In other words, farmers that are cultivating cannabis in Humboldt County can advertise and put Humboldt County grown on their cannabis and that will be verified and certified by an authority or governing body. That way, someone who's, you know, growing in, you know, their basement in Arkansas can't just put Humboldt County on that to take advantage of the solid reputation of Humboldt County and get away with them. And the same could be said of other growing regions Washington, Oregon, Colorado, Nevada, wherever. You could really use that system to diversify the amount of products that are available and help, you know, sophisticated in a way the cannabis marketplace.

Matthew: I think that works. It works but there in some ways there's still kind of these imposters. Like I went to Parma, Italy last year and I went through the Parmesan cheese tours and watch how they made that. And they have essentially like a cartel that is allowed to say, you know, Parmesan cheese but then you have these competitors that say like, Parmesan inspired cheese or Parmesan-style cheese and for a lot of people that aren't paying attention they're like, "Oh, just grab this one's a little bit cheaper or, you know, I like the packaging a little bit better." So it does work because the person that really wants, you know, the real Parmesan cheese will look for that seal, will say, "Okay, this is one the real deal." But for people that are not that into it, they still lose some market share. So, it'll be interesting to see how strict this becomes, you know, I know in California, they love making like laws and regulations so, maybe they will make it really strict there and it'll be difficult to do that.

Ryan: Yeah, I mean, it's a great point. And, you know, one of the major challenges of an appellation system is enforcement. Famously, it took, you know, over a decade and ultimately a US trade mission to China to get Chinese authorities to stop a Chinese wine manufacturer from labeling their wine as coming from Napa Valley and you could see the same thing happening with cannabis. The origin of the appellation system can be traced back to the Champagne region of France, you know, so champagne wine producers were developing this really high-quality product and wine growers from other regions were recognizing that and saying, "Hey, if we just say champagne people will pay more." And so that's, you know, really the origin they sort of, there were riots around this issue and ultimately, French authorities said, "All right, we're gonna have to verify this and allow these producers to develop their reputation." And also one of the questions about an appellation system, you know, there's sort of two different models in the US for wine.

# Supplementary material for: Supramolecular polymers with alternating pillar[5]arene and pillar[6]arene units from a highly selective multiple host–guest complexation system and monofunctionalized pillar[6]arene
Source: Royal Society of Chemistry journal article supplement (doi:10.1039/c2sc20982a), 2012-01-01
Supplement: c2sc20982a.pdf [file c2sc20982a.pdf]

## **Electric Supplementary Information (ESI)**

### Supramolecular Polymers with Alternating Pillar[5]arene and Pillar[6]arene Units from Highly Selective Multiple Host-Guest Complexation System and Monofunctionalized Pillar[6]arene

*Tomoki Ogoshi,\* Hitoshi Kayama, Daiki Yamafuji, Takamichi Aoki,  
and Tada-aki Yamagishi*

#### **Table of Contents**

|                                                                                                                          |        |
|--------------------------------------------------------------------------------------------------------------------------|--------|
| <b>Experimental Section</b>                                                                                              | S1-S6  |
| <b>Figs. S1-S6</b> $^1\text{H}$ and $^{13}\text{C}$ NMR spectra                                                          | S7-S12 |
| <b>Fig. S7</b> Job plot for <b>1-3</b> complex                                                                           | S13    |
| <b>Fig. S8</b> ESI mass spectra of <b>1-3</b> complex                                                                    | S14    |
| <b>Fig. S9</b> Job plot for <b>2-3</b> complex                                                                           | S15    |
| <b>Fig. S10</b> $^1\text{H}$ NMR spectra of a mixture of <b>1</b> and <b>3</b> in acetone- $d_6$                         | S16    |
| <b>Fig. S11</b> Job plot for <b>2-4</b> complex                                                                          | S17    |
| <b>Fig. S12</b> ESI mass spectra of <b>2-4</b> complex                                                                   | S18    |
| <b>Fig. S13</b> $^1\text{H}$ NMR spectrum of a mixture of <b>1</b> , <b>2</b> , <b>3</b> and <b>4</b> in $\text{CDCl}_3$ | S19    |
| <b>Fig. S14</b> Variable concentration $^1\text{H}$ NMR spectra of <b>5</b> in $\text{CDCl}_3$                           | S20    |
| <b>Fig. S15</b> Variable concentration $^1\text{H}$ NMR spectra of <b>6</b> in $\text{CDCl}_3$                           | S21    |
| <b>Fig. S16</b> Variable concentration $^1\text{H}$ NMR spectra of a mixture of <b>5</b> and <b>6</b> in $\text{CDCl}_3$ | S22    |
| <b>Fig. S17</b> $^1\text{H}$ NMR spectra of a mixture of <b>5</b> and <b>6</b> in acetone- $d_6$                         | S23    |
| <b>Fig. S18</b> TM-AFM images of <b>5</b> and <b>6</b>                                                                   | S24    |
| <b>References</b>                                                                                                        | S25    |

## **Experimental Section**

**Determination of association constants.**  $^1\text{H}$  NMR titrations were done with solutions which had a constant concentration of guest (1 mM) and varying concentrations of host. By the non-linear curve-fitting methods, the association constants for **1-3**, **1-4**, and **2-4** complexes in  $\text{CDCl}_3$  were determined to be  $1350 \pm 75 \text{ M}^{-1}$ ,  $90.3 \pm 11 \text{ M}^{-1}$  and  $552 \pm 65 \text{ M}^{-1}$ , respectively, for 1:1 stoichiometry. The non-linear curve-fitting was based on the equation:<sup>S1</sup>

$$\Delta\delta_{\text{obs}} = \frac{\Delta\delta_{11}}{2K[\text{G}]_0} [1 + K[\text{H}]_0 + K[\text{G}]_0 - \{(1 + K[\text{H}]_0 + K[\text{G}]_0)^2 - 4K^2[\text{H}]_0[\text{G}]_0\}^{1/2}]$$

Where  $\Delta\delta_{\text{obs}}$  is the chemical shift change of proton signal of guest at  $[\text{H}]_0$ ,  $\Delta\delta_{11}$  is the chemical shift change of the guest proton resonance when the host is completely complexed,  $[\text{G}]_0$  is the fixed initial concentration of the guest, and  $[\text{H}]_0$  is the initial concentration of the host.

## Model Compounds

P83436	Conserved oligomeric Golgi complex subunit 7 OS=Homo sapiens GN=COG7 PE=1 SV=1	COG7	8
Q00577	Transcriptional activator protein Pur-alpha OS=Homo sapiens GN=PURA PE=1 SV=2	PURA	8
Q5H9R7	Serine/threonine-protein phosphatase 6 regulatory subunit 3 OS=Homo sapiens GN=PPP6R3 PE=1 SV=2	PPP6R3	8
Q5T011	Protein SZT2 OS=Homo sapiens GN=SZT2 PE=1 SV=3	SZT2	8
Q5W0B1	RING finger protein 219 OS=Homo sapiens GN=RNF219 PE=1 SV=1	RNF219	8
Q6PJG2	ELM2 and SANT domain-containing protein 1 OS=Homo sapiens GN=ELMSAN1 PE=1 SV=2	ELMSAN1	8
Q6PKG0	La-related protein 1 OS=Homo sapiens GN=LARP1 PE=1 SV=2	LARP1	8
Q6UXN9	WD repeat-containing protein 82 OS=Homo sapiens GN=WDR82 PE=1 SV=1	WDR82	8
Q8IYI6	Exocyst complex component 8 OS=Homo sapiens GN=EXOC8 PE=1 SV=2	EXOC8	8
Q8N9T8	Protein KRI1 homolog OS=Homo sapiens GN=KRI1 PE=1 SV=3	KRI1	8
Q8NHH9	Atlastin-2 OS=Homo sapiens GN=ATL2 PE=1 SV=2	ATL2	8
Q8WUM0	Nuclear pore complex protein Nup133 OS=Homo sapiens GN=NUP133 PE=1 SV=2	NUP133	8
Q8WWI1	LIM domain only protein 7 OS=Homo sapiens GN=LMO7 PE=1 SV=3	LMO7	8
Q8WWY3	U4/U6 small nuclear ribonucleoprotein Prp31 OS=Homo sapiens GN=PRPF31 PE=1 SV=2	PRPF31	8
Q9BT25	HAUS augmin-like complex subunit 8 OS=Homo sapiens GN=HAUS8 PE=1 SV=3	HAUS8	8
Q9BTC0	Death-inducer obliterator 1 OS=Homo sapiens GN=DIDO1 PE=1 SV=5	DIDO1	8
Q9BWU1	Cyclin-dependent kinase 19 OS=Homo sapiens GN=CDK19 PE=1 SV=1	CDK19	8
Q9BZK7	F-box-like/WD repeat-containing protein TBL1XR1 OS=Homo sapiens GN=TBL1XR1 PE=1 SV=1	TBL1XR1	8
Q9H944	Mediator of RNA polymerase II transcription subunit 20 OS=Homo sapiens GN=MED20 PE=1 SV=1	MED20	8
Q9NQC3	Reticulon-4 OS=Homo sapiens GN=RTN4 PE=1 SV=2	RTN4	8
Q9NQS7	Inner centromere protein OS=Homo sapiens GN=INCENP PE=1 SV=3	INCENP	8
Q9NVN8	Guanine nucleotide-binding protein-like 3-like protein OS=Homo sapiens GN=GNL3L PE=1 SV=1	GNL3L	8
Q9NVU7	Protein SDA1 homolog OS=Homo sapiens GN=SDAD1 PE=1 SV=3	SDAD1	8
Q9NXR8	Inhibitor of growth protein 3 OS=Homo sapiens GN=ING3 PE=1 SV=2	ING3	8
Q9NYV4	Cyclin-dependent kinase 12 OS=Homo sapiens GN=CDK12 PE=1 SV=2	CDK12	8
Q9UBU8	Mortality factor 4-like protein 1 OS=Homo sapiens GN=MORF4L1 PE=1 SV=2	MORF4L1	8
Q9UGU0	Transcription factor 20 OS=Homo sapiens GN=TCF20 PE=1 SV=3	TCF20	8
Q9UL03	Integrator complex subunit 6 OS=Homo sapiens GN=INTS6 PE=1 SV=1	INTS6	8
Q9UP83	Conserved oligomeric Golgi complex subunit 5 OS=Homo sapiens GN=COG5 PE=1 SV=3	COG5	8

All our appellation system says is where the wind came from, whereas in France, the appellations are also used as a mechanism to regulate what types of grapes you can grow, when you can grow them, how you can grow them, et cetera. So ultimately, there's some potential there for the appellation also to be a mechanism for farming communities to get together and talk about what type of strains they might wanna specialize in, or how to be sustainable on their agricultural practices.

Matthew: Yeah, that would be interesting. I mean, in one way, you could see why that would be a cool way to create like a heritage that passes down from generation to generation that consumers get to know but in another way, it might seem stifling. So, it'll be interesting to see what balance is chosen there.

Ryan: Yeah, and hopefully, you know, since legalization and regulation is taking place on a state by state basis, we might have a lot of different models to look at and investigate.

Matthew: Yeah. In your book, you talk about cannabis consumers desire to have their cannabis come from small, sustainable and wholesome places. But as I drive across the US as I have many times and I stop all over in the middle, a lot of times there's...I see people making choices about food that is there's not much thought put into the sustainability or perhaps the budget, so think about that as much. So, will this simply be a bi-coastal thing you think?